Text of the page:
Part 5 – The Cooking
As the cutting of the vegetables came to an end, the guest’s attention turned towards the melting ghee and peanut oils. Enthusiasm grew amongst all. It was time for frying, steaming, mixing and smelling the aroma around the kitchen ! All most none of them had any idea on what the end product would look like. For many, this was their first attempt in cooking Indian cuisine. What were we planning to make?
Moghul-style Cumin-flavoured Rice (Jeera Pulao)
Punjabi-style Tomatoes, Peas and Home-made Curd Cheese (Matar Panir)
Gujarati Fenugreek-scented Pumpkin Curry
Mixed Vegetables in Creamy Gujarati-style Karhi Sauce
North Indian Puffed Fried Breads (Poories)
Hot, Sweet, Spicy & Sour Eggplant Pickles
Fresh herb-laced Garden Salad
Saffron Semolina Halava Pudding with Flaked Almonds & Cardamom
We would cook most of our stuff from ghee. People stood frozen when they saw the amount of ghee placed in the giant wok. “All that ?! Oh My God ! We better watch our weight…is it healthy?“, many cried out. “Nothing to worry! It’s good for you!,” yelled back Kurma prabhu with fullest confidence. Our much anticipated poories would be born from that ocean of oil. Sorry, ghee.
Everyone’s favourite. Another dairy product. Cheese. To be more specific, paneer. Chef Kurma emptied milk and then yogurt into a big vessel for the making of paneer. He said this was the best way and better than using rennet. He then proceeded to explain the origins of rennet, which surprisingly many of the guests weren’t aware of. Rennet is a complex set of enzyme produced in the mammalian stomach to digest mother’s milk. The most sought after type of rennet is from calves and is a by product of veal production. So much violence. Coagulating milk through yoghurt is better. After much stirring, the mixture turns into solid (curd) and a slight green liquid (whey). We then drained off the whey using a very thin cloth and placing some additional weight on it. We used some huge canned tomato cans as weights. After few minutes, the white cheese was removed from the cloth and cut into large chunks. People were impressed. Then Kurma took one of the pieces and cut it to tiny pieces, added some lemon juice, coriander, olive oil and pepper. A quick snack ! Oh, boy…it was superb ! The rest of the pieces would be used for our punjabi matar paneer.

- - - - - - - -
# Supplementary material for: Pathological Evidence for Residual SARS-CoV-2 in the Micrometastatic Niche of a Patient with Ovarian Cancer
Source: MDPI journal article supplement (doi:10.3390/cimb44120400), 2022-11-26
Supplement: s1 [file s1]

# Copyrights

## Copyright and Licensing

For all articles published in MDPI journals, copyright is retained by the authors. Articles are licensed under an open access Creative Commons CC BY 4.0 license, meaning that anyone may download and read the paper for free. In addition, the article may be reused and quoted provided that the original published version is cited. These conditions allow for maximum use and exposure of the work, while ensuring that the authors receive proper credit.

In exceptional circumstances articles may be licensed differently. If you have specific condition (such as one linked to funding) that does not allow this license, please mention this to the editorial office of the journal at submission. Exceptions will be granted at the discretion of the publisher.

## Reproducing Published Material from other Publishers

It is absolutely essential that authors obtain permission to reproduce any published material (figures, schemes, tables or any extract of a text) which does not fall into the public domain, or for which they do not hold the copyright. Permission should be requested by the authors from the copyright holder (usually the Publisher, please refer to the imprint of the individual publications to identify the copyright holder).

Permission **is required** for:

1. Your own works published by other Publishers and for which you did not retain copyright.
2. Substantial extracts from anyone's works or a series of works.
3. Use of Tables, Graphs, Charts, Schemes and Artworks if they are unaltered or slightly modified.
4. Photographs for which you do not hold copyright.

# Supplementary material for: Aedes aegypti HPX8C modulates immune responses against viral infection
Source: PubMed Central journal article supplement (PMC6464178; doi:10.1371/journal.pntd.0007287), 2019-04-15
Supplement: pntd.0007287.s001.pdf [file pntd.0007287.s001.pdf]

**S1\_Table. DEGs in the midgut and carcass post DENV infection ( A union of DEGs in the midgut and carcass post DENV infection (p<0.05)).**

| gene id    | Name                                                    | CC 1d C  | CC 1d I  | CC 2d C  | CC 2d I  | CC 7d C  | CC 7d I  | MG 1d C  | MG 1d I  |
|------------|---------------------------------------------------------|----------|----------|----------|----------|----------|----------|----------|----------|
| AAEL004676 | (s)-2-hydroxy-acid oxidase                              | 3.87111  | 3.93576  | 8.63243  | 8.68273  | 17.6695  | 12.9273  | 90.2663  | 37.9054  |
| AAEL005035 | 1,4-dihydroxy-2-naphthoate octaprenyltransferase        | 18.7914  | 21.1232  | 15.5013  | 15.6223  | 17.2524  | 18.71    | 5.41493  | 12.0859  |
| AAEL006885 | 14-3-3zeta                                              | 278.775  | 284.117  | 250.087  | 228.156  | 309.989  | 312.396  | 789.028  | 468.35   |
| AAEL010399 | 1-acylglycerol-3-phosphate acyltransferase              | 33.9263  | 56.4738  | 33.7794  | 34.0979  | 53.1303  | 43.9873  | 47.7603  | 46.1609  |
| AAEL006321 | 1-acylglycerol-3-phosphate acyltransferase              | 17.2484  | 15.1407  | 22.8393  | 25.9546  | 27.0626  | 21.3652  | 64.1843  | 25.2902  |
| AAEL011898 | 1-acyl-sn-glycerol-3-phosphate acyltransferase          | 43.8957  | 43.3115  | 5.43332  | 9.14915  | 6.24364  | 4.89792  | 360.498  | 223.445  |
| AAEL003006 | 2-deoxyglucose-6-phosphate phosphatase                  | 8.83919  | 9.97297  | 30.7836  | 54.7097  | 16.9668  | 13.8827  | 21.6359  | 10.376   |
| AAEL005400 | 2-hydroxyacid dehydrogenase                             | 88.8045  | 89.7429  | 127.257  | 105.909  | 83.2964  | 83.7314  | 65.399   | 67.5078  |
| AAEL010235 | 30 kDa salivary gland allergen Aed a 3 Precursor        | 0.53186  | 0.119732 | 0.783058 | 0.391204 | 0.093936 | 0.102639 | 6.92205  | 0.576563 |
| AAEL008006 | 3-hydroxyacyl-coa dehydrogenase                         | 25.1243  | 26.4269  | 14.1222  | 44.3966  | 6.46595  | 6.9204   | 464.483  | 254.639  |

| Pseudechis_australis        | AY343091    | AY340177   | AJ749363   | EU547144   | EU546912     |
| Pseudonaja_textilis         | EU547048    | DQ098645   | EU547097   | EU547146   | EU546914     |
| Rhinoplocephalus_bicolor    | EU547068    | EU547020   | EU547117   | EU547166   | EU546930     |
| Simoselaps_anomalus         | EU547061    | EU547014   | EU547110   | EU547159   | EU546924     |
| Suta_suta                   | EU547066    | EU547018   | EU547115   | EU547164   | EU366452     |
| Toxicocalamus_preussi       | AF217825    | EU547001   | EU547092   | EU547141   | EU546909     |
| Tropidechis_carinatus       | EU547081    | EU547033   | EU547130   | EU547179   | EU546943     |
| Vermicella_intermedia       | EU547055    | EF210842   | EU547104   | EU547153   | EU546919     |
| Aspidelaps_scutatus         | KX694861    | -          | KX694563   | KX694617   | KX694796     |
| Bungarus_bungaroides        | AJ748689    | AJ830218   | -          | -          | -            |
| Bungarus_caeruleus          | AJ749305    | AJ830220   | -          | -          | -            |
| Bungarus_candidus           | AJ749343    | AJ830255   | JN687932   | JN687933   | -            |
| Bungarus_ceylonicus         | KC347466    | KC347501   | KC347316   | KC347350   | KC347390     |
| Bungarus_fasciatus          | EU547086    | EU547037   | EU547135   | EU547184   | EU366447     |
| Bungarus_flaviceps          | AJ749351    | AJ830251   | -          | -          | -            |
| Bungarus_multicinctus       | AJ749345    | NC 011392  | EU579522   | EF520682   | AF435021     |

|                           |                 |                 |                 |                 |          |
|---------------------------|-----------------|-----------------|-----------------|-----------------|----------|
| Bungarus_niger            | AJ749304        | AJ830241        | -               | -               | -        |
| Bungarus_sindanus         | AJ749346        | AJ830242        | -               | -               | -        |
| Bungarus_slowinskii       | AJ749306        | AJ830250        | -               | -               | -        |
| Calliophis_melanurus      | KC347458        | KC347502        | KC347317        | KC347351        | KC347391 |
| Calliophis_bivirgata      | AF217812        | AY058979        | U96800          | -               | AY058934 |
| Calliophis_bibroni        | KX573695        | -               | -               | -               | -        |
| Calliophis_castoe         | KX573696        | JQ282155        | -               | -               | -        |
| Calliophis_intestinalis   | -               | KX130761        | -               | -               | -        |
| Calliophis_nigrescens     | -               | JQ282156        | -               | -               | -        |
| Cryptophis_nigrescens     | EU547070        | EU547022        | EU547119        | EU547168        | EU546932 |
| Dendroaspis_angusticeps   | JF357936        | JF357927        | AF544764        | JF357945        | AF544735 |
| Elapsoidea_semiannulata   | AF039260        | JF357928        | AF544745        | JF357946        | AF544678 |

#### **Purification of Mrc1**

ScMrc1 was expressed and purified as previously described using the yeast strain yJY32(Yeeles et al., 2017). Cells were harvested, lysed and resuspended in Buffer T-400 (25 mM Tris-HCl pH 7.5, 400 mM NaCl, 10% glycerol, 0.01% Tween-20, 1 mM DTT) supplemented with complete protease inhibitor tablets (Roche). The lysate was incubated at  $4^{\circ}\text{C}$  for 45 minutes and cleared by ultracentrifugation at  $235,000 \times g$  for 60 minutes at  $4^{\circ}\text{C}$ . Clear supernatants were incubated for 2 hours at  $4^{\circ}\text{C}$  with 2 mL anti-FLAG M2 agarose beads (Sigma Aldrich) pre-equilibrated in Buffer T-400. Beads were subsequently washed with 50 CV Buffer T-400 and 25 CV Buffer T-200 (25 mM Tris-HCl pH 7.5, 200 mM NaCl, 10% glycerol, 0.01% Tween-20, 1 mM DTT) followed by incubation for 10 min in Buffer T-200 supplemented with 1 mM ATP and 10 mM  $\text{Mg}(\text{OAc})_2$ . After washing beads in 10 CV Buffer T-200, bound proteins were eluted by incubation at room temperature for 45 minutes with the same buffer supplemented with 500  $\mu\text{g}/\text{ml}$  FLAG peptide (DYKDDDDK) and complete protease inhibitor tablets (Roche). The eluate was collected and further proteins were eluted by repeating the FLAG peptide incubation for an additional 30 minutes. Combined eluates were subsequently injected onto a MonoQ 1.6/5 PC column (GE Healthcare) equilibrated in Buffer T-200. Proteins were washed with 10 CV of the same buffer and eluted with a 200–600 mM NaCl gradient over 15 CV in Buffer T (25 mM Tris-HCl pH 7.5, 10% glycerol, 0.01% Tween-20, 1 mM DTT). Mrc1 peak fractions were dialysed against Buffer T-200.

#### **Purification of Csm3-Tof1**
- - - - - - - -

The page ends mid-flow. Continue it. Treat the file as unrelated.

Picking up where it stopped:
We also decided to make a garden salad dish which was not part of the actual menu. Kurma prabhu felt that this would be a welcome dish amidst the full Indian menu. People liked the idea.
As the asparagus went through a little bit of frying, the whole kitchen was filled with so much aroma. I couldn’t wait for lunch ! That stove seen above is a camping stove. We got it for A$15. Cheap, strong and good. We bought 2 new sets and I have only one left with me. The other? Well, Jignesh prabhu drove the 4-wheel drive over it. Yup…I had placed it near the gate of the house in a hurry to pay my obeisances to Kurma prabhu as he was preparing to leave for the airport later in the evening. Shortly after this, Jignesh reversed the car, took the wheel too close to the gate and cruuuussshhhh!!!! Gone.
Never in my life have I ever had eggplant pickle. Lemon, yes. Mango, yes. Carrot, yes. Yesterday, my Romanian friend was boldly declaring that in her country they make watermelon pickle ! I competed with her by saying proudly, “Oh yeah?!…in my country we make eggplant pickle! Beat that! “. She was surprised too. Eggplant? There were few people in the room during the cooking class who mentioned that they were not great fans of the fat vegetable. But the chef knew how to change our minds. He heated up some peanut oil, threw in the ginger, followed it up with asafetida and emptied with eggplant along with salt and cayenne. He called few of the guests over and gave them the task of stir-frying them. Later on, he returned and added some vinegar, lemon juice, sugar and continued its cooking. He returned again, poked the dark vegetable with a knife and sprinkled some cumin seeds, removed from the camping stove and let it cool.